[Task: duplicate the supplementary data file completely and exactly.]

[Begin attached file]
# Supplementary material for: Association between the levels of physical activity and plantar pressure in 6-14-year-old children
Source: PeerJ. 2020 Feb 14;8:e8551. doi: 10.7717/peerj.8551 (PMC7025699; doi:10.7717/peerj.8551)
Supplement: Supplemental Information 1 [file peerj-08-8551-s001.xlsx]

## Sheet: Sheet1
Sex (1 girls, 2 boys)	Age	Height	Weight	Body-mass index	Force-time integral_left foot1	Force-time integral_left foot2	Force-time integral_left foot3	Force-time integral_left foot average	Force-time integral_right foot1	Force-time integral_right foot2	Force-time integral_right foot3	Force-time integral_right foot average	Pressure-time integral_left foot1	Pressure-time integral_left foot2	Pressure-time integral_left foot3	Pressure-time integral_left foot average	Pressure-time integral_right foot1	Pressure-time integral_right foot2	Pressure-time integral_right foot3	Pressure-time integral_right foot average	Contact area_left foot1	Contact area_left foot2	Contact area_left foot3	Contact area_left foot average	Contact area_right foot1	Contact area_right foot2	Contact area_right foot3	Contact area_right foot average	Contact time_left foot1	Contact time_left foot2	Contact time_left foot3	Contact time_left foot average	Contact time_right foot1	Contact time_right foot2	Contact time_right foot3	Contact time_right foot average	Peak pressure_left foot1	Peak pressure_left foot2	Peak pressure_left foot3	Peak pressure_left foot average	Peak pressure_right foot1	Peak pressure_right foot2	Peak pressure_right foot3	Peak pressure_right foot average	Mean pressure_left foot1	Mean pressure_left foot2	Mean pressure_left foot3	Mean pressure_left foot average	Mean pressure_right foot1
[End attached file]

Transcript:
# Supplementary material for: Association between the levels of physical activity and plantar pressure in 6-14-year-old children
Source: PeerJ. 2020 Feb 14;8:e8551. doi: 10.7717/peerj.8551 (PMC7025699; doi:10.7717/peerj.8551)
Supplement: Supplemental Information 1 [file peerj-08-8551-s001.xlsx]

## Sheet: Sheet1
Sex (1 girls, 2 boys)	Age	Height	Weight	Body-mass index	Force-time integral_left foot1	Force-time integral_left foot2	Force-time integral_left foot3	Force-time integral_left foot average	Force-time integral_right foot1	Force-time integral_right foot2	Force-time integral_right foot3	Force-time integral_right foot average	Pressure-time integral_left foot1	Pressure-time integral_left foot2	Pressure-time integral_left foot3	Pressure-time integral_left foot average	Pressure-time integral_right foot1	Pressure-time integral_right foot2	Pressure-time integral_right foot3	Pressure-time integral_right foot average	Contact area_left foot1	Contact area_left foot2	Contact area_left foot3	Contact area_left foot average	Contact area_right foot1	Contact area_right foot2	Contact area_right foot3	Contact area_right foot average	Contact time_left foot1	Contact time_left foot2	Contact time_left foot3	Contact time_left foot average	Contact time_right foot1	Contact time_right foot2	Contact time_right foot3	Contact time_right foot average	Peak pressure_left foot1	Peak pressure_left foot2	Peak pressure_left foot3	Peak pressure_left foot average	Peak pressure_right foot1	Peak pressure_right foot2	Peak pressure_right foot3	Peak pressure_right foot average	Mean pressure_left foot1	Mean pressure_left foot2	Mean pressure_left foot3	Mean pressure_left foot average	Mean pressure_right foot1